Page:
Years ago, advertising on BookBub (for hundreds of dollars) was an insider tip among self-publishing authors, at times when giving your book away for free was a viable marketing option, and ten-thousand of books were "purchased" for free. But much has changed since then: Amazon invented Amazon Prime and Kindle Unlimited, and readers who signed up with these subscriptions get already free books. The number of free book downloads has decreased tremendously and advertising companies such as BookBub got "picky", authors are shocked to learn their books were rejected.
Why Do Ad Companies Reject Books?
Very easy: with new books, even if they have several 5-star reviews these advertising companies cannot make enough money through their affiliate program with Amazon. Only books that are already bestsellers are accepted by their “editorial staff” (whoever this might be and whoever their "qualifications" are...). Maybe not a loss, as we hear from so many writers that the success with them is dwindling rapidly...
During a research of book advertising companies I came over their website, studied it very carefully and read several press releases that they had blasted out.
As a trained marketing professional, I asked them several questions, e.g.:
1. What are your Nielsen numbers?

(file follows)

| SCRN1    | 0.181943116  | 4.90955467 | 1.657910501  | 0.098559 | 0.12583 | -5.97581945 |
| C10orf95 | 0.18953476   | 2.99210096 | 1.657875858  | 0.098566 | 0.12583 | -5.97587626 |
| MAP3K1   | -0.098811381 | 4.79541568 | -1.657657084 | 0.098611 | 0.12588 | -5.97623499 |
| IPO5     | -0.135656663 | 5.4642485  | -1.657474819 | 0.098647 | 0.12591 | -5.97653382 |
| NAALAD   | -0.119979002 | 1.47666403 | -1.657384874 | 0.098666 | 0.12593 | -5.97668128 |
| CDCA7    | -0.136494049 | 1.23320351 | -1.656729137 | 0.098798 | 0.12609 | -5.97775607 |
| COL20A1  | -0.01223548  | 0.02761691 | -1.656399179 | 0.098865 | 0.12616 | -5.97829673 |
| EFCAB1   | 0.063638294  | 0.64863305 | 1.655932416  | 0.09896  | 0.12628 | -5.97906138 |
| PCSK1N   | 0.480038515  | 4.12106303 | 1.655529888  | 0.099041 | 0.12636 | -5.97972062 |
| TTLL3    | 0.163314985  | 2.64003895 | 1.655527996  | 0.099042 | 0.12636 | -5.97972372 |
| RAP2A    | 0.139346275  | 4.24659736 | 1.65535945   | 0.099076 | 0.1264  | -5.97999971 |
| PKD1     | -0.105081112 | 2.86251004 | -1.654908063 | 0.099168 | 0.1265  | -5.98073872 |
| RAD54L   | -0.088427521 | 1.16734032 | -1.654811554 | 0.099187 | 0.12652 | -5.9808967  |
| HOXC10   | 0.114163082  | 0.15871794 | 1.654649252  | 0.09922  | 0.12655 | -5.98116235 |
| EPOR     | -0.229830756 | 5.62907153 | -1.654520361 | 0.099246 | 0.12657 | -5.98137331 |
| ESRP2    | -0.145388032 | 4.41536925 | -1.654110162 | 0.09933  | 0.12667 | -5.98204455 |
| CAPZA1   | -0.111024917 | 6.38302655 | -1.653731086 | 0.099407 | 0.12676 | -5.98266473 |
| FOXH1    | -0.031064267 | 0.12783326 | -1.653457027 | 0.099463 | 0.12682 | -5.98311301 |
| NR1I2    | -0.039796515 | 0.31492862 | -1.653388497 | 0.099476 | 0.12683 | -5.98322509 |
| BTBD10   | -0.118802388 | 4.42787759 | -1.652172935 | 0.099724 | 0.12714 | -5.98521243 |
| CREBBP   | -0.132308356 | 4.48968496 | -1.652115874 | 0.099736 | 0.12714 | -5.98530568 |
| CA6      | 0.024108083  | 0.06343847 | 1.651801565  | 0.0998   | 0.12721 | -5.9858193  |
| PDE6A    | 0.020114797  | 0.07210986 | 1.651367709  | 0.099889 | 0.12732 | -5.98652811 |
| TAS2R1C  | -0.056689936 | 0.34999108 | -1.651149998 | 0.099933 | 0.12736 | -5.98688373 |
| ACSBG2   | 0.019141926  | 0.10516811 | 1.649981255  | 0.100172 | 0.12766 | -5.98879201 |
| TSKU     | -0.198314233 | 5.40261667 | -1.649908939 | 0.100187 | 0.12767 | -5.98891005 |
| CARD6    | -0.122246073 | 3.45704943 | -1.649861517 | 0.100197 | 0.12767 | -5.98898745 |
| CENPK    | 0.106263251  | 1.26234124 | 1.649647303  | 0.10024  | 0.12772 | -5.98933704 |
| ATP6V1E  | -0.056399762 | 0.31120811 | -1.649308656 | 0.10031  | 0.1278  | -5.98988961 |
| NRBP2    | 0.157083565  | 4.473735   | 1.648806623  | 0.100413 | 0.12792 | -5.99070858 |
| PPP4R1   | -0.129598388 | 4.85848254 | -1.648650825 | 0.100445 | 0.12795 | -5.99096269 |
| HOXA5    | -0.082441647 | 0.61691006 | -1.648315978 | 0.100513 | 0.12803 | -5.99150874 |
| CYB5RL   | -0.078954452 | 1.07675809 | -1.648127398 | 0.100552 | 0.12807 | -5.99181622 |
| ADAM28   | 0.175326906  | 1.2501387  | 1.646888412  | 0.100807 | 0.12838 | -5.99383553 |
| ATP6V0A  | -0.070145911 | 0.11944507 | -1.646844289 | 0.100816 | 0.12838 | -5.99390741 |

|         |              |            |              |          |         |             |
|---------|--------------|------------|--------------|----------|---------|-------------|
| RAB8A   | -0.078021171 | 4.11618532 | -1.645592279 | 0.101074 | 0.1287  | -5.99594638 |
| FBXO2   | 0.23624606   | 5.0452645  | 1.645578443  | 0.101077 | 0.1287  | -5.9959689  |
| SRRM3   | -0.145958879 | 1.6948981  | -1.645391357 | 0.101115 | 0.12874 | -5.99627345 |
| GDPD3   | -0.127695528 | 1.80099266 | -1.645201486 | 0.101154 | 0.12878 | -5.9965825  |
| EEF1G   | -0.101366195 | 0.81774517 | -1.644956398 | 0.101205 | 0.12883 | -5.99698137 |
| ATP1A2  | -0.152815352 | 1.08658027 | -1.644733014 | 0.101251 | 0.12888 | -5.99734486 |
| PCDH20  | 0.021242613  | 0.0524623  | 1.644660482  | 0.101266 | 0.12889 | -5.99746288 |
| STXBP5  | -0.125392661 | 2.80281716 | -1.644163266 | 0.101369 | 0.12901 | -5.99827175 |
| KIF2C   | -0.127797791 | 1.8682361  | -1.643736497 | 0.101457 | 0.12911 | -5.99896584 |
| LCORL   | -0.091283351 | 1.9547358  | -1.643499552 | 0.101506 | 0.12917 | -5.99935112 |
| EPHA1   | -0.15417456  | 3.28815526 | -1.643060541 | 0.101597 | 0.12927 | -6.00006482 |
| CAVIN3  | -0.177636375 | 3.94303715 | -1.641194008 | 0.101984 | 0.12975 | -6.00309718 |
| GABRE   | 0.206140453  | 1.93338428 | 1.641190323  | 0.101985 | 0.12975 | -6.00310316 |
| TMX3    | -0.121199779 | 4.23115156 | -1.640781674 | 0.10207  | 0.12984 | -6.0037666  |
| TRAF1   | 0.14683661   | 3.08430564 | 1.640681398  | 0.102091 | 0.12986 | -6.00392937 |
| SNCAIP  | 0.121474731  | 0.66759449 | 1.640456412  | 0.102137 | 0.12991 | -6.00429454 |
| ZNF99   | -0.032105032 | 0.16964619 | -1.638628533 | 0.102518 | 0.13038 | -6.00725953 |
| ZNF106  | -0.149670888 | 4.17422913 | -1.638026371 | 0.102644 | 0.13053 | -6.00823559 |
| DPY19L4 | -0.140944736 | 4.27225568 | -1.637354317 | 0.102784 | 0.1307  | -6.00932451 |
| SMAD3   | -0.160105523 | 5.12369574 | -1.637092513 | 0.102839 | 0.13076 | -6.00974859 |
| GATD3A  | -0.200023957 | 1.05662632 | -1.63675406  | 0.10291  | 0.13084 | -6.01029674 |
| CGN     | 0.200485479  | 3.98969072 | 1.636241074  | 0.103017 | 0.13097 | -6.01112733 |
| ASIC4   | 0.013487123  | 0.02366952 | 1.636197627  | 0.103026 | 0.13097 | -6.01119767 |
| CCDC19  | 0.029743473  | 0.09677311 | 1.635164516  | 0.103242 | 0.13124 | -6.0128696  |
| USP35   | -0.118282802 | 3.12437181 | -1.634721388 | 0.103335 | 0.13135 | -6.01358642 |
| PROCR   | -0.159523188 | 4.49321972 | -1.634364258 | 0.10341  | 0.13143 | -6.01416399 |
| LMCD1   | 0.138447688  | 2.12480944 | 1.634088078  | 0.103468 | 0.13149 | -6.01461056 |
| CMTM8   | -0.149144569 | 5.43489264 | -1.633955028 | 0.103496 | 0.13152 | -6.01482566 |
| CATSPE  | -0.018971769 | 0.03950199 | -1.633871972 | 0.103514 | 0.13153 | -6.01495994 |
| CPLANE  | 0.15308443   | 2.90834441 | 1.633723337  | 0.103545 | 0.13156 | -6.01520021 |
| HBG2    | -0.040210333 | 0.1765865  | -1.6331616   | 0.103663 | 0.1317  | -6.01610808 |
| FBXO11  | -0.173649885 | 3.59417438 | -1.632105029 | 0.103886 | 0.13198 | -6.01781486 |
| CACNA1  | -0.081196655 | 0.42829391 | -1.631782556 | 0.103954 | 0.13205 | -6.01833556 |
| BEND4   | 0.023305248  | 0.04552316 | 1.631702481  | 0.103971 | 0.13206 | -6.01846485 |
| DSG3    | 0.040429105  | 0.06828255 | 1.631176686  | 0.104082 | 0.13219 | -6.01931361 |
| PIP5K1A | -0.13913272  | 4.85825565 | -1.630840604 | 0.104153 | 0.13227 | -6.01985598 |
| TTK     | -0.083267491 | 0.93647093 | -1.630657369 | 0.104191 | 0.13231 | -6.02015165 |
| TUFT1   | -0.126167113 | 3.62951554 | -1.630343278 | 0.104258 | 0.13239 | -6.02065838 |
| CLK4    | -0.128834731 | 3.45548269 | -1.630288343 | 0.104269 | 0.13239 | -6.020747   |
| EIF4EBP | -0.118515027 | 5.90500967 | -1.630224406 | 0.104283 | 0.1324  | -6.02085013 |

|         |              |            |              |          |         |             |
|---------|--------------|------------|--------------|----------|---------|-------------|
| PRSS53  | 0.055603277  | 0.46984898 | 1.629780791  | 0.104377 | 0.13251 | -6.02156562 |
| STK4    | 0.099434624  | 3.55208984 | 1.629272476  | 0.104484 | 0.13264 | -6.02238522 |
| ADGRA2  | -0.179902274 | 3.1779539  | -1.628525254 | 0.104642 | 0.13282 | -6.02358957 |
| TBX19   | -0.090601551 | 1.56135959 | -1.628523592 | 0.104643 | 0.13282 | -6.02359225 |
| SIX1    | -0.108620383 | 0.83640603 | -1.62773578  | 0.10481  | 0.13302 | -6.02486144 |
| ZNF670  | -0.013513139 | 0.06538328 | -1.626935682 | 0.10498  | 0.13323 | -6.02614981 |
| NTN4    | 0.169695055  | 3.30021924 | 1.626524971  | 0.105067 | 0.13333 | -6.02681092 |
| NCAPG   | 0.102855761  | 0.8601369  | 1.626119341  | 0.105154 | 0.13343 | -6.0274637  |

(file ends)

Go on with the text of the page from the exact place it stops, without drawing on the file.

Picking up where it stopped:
2. Are your email lists acquired or genuine through many years of reader contacts obtained?
3. How can you proof the subscriber numbers?
4. Are you belonging to an affiliate program with Amazon or other online retailers
Answer for question 1:
Only through persistence and several emails later, I got half-answers:
No, the amount of advertisers is not confirmed by Nielsen or any other organization.
I also was wondering about their relatively low number of followers on Social Media and very few tweets to promote their customers, considered what these writers pay for.
With the right platform and lots of followers on all Social Media sites, author interviews, blogs about their book, choosing the right genre, and professional promotional help etc. every writer/book can get into #1 in their books genre.
Number 2: no comment from them, despite several emails.
Number 3: See number 1: The amount of subscribers can and will not be verified.
Their subscriber forms contains a dozen or more categories / genres that people can choose - and if someone is interested in several (or all genres) they get newsletters for all of them. Which means in turn, they might be "counted" as not only one subscriber, but as many as they choose genres. So much about inflating subscriber numbers... And they don't work with independent analyzing companies, that would rate the amount of advertising / subscribers. As always Writer Beware!
Number 4: It took three emails with inquisitive questions, til they submitted to work with an affiliate program. Until this spring, advertisers who were enrolled in Amazon's affiliate programs, earned up to 7% for each downloaded book in the KDP Select free book campaigns, now it is only 4%. These commissions are only paid for books that are at least 99cents - not for free books.
Affiliate Members are obliged by FTC rules to let each customer and advertiser know that they make additional commissions, aside from the advertising fees. NO, THEY ARE NOT DISCLOSING THIS! In March, the Federal Trade Commission (FTC) updated its guidance for advertising disclosures in a guide called .com Disclosures: How to Make Effective Disclosures in Digital Advertising.